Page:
How Can I Connect With My Student’s Middle School Teacher(s)?

By: Debra Eckerman Pitton, Ph.D. and Kelly Quinn

[Part of the "Q & A for Parents of Middle School Students" series]

You may be somewhat uncertain about what you can or should be doing at home to assist with your child's learning in middle school, and the fact that the child may now have multiple teachers instead of one, complicates the process of connecting with teachers. Parents should connect with the student's teachers early in the year. Attend open house before school starts, and get acquainted. Your student will have more than one teacher at this level, and an early connection makes it easier when you want to contact the teacher later in the year. Students may ask you to skip these parent sessions, announcing that they are old enough to handle things on their own. No matter how much your child protests, ignore them and ensure you attend all school functions this communicates to teachers that you are available and concerned about your child's education.

Whenever you have questions, don't hesitate to seek out the appropriate teacher. Teachers are available via many different means of communication: telephone, email or personal notes. A call to the school office can provide the teacher's direct line, where you can leave a message in their voice mail or identify a time the teacher can get in touch with you. A school web site can give you a teacher's email address, or you can get this from the teacher at open house. Email is convenient because it is not necessary for the teacher or parent to coordinate schedules to be available at the same time. If there is something you would like to alert the teacher of, send a note to the teacher with your child but follow up and be sure the note reached the teacher.

Attending parent-teacher conferences is a perfect way for you to touch base with your child's teachers about their achievements in class even if the student may not want you to go you should attend. This is a time for parents to bring any concerns or information to the teacher's attention, as well as get an update on what information has been covered during the previous school days. If possible, ask that your child accompany you to the conference. After all, the discussion is about the student's learning, and having them be a part of the conversation can ensure that everyone teacher, student and parent- are on the same page and have heard the same message. These conference sessions are usually short, so be prepared to set up a meeting, or phone conversation at a later date if you find you have more to discuss.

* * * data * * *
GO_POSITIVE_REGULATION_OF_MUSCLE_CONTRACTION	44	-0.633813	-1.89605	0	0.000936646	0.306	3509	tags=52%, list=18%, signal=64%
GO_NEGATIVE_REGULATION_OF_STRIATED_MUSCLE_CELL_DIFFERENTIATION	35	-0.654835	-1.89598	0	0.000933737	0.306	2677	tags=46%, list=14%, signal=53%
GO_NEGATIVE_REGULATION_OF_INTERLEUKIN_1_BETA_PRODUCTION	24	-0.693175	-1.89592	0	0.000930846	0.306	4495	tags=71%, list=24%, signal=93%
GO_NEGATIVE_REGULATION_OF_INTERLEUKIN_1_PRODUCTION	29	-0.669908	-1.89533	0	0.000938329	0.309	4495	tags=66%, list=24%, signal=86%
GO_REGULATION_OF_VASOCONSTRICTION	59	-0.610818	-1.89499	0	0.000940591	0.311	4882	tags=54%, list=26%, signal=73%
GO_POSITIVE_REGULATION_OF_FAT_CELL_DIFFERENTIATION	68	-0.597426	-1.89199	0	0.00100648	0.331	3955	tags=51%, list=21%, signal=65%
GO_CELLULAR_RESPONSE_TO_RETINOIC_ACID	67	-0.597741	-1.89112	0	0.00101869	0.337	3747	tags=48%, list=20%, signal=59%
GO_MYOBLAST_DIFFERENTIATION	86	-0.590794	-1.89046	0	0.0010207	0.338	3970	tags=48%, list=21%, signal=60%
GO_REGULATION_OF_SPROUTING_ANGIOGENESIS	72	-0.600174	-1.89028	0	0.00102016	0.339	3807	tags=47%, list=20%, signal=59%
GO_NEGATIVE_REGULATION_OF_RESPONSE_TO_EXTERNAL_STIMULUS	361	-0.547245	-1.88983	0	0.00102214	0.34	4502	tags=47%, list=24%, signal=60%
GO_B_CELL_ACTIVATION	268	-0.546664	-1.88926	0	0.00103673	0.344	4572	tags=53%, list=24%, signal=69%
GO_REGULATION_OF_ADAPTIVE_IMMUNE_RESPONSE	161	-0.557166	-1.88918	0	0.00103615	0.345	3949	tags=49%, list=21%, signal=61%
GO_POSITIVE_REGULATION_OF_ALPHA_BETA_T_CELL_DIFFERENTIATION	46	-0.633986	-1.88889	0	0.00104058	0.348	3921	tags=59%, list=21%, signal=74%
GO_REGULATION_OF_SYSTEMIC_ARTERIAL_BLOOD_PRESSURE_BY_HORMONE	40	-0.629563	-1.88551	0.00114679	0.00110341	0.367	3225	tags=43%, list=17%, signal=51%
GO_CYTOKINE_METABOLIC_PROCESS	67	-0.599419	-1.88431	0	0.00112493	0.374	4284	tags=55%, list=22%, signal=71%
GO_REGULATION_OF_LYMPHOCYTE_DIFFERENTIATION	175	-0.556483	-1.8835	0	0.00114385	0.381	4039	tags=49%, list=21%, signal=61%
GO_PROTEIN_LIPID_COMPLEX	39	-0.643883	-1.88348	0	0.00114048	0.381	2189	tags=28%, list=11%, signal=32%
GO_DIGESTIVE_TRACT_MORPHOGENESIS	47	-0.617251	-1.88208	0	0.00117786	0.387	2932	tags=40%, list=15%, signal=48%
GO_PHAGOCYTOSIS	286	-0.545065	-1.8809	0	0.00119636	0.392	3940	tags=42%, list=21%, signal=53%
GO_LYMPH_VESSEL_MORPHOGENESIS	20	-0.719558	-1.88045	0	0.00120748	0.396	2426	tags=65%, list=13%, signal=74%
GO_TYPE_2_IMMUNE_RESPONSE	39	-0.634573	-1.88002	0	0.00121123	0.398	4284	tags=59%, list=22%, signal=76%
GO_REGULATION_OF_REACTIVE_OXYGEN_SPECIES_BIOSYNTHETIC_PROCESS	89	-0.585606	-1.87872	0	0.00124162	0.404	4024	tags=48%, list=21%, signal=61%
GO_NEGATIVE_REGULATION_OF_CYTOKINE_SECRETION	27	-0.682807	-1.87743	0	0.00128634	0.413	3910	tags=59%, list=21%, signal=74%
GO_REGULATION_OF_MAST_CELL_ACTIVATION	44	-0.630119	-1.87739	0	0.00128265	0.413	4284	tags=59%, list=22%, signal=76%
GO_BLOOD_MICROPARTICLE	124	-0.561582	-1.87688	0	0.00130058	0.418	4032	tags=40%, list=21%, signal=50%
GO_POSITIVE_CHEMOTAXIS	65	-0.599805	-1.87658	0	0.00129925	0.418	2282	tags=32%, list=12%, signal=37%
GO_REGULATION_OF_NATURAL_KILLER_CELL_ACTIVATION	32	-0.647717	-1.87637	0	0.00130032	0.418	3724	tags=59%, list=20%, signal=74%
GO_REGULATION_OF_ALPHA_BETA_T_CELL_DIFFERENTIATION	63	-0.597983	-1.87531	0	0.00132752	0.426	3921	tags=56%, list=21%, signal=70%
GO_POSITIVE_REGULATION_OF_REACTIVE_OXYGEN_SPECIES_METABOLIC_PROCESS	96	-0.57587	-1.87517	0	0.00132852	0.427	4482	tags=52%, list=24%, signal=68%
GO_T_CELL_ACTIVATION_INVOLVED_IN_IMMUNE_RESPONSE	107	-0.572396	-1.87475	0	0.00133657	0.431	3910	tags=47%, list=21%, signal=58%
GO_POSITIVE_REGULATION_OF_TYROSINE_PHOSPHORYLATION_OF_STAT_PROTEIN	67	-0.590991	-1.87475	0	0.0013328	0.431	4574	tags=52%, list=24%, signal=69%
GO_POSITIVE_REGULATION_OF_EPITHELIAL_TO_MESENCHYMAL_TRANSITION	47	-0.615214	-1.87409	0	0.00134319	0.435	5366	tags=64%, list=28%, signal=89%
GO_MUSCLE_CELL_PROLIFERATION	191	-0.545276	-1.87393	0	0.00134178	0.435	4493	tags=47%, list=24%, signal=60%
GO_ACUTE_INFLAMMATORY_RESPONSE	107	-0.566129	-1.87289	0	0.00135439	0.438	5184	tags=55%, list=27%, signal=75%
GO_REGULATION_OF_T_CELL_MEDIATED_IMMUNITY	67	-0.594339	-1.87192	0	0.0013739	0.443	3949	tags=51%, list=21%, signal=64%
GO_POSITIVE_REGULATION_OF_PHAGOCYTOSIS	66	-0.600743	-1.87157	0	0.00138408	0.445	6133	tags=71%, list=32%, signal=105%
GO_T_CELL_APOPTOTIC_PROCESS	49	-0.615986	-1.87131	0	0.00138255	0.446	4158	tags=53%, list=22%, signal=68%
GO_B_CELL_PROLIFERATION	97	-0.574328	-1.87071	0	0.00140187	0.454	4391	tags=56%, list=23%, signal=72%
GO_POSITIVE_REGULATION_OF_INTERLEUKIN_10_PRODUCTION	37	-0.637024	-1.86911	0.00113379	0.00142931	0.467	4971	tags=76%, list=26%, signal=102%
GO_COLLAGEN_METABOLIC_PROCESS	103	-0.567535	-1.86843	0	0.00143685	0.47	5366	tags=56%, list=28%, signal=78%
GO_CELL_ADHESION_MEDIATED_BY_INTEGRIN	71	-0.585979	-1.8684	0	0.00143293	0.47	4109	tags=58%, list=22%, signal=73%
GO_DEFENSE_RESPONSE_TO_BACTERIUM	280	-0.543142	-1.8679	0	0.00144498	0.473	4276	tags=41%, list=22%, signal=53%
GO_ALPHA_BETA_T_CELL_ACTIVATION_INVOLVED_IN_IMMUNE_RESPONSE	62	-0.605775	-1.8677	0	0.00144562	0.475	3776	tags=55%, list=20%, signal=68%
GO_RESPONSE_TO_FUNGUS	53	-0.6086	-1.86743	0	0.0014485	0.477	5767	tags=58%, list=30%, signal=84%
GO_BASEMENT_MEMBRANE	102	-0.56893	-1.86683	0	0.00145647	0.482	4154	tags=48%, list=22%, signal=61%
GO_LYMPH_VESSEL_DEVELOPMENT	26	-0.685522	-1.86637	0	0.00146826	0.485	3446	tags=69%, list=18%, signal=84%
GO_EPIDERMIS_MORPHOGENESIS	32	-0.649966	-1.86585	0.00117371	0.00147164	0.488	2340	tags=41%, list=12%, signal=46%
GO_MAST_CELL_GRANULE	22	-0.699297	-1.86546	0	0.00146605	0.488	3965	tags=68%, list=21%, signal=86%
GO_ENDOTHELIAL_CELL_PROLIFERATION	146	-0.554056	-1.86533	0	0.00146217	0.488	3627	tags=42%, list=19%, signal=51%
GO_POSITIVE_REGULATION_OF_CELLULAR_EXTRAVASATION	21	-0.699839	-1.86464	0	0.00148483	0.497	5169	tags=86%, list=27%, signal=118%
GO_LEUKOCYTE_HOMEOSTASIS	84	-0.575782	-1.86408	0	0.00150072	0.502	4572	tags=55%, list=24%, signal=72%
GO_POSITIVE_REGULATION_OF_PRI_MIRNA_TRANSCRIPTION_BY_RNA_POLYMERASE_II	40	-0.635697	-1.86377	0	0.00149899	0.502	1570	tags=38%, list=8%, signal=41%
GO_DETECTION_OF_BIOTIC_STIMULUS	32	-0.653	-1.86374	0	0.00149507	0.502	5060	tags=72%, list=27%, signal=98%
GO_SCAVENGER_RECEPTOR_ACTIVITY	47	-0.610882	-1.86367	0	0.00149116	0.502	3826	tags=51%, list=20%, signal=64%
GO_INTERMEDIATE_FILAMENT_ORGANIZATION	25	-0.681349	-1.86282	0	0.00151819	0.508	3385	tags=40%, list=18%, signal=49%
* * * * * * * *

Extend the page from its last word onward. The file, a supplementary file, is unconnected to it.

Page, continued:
Bean, R. (1991). How to help your children succeed in school. New York, NY: Price Stern Sloan Publishing.

Faber, A., & Mazlish, E. (1999). How to talk so kids will listen, and listen so kids will talk. New York: Avon.

Ramsey, R. (2000). 501 ways to boost your child's success in school. Lincolnwood, IL: McGraw-Hill.

Debra Eckerman Pitton, Ph.D., is an Associate Professor of Middle Level Education at Gustaus Adolphus College in St. Peter , MN and consults with school districts across the country on issues of mentoring and middle school education.

Kelly Quinn is a senior education major at Gustaus Adolphus College and will be graduating in May, 2005 with an elementary and middle school teaching license.

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